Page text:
The Plug-In Hybrid is a little grainier around the edges from a powertrain perspective, but progress up the range to around 80 km/h feels livelier through the i-MMD system, the system definitely more responsive in its HV mode. Aside from that the PHEV behaves much like its FCV sibling in terms of ride and handling dynamics, and by all accounts should be a comfy thing to cover long distances in.

Some other observations – there’s a good sense of space inside the cabin, especially from a rear seat perspective, though the PHEV is ahead of the FCV in one area, and that’s boot space. As noted two years ago, a hydrogen tank is not a subtle thing, and it still isn’t, made even more apparent when placed side by side with the PHEV.

Honda decided to throw in a quick spin in the Clarity FCV Racing Special to show just how able the fuel cell system is – the car features the same powertrain but is around 300 kg lighter, accomplished by junking as much as possible from the car, including trim panels and door cards (to accommodate passengers, the rear seats were present, at least for the drive). It also features a sports suspension and grippier rubbers, as well as a slightly larger hydrogen tank.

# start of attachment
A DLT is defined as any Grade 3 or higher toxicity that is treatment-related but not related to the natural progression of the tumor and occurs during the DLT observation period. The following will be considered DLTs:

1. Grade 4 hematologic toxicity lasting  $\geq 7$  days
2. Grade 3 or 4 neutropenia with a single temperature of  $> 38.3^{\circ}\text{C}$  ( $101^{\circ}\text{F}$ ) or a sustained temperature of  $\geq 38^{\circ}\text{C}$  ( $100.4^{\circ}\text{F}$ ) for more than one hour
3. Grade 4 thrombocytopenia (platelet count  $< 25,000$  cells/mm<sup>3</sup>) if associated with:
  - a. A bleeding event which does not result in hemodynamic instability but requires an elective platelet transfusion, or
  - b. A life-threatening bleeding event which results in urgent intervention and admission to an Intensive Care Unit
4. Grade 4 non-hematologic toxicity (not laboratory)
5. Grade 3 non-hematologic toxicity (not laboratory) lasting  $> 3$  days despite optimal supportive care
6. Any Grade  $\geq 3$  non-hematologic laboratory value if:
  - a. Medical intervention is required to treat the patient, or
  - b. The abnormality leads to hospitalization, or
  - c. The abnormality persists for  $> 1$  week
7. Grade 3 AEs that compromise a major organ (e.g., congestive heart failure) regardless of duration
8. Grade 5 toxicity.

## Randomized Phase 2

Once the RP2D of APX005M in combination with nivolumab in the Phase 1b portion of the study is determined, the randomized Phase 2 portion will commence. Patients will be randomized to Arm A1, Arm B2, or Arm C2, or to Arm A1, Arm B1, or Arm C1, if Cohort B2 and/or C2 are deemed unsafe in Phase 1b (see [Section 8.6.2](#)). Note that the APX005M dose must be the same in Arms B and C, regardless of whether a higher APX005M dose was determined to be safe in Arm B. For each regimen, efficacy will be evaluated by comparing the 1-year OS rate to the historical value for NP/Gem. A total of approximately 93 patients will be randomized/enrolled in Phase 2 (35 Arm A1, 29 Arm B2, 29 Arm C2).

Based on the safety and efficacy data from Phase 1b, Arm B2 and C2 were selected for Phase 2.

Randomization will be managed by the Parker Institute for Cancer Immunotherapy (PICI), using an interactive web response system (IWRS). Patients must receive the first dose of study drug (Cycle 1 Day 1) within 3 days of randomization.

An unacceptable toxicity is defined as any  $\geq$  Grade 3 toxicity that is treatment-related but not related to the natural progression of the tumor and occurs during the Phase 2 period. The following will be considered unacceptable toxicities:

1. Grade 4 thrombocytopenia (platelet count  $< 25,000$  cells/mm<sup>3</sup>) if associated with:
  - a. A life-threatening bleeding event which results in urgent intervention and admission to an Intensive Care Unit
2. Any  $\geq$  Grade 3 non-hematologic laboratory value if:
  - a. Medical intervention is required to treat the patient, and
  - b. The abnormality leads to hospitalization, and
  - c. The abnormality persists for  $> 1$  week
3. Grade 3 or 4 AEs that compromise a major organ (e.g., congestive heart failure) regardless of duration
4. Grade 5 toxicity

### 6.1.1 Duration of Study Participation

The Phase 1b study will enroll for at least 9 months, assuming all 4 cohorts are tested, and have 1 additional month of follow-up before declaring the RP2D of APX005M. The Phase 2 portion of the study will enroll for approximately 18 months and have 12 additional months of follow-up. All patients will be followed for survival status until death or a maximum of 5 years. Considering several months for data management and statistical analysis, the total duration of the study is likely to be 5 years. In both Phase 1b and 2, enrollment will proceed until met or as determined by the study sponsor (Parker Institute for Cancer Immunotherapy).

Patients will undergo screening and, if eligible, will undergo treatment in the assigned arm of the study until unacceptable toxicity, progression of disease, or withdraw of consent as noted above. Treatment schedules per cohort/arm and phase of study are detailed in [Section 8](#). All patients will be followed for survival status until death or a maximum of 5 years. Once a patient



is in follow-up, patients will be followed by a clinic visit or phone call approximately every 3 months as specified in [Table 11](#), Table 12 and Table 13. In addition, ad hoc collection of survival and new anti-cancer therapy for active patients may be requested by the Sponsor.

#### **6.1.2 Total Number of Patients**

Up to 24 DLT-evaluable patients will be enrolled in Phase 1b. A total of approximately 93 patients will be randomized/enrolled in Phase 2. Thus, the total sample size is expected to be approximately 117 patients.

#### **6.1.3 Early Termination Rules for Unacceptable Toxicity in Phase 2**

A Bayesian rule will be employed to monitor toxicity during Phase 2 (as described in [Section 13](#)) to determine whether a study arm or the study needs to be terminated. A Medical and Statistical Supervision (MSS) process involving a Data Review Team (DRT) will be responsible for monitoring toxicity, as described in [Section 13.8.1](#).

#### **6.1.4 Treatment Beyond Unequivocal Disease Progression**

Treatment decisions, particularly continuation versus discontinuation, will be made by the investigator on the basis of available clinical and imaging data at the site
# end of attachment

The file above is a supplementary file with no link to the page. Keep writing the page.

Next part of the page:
As you’d imagine, losing 300 kg makes for a faster car, and a more agile one too. It’s no Ludicrous Mode Tesla, but rapid enough that you wouldn’t laugh at fuel cell vehicles or think they can’t get about quick, or have good traction while at that.

The Clarity doesn’t look to be coming our way in any form – the support infrastructure is non-existent for the FCV, and the PHEV (which only goes on sale in Japan in 2018) is very much a non-starter, given the volume – and pricing – that would have to come into play.

A case of touch, but not have, then? Not quite, because something along those lines may come about in the not too distant future. Speaking to paultan.org at the sidelines of the drive event, Honda Malaysia vice-president Akkbar Daniel said nothing concerning new tech should ever be discounted.

“The technology, in particular that of PHEV, has the probability of being brought into the Malaysian market in the future, even if it’s not necessarily with the Clarity. You could have the same technology being utilised on other Honda models,” he said.

He added that it might also come sooner than later, citing the example of how our market is tied very closely to Japan in terms of deploying new models and tech (case in point, the Jazz Hybrid, with Malaysia being the first country outside Japan to sell the car through official channels). An indication then of how the next step in the company’s hybrid direction might well shape up from a local perspective – the question is what form it will take when it gets here.

GALLERY: Honda Clarity Fuel Cell GALLERY: Honda Clarity Plug-In Hybrid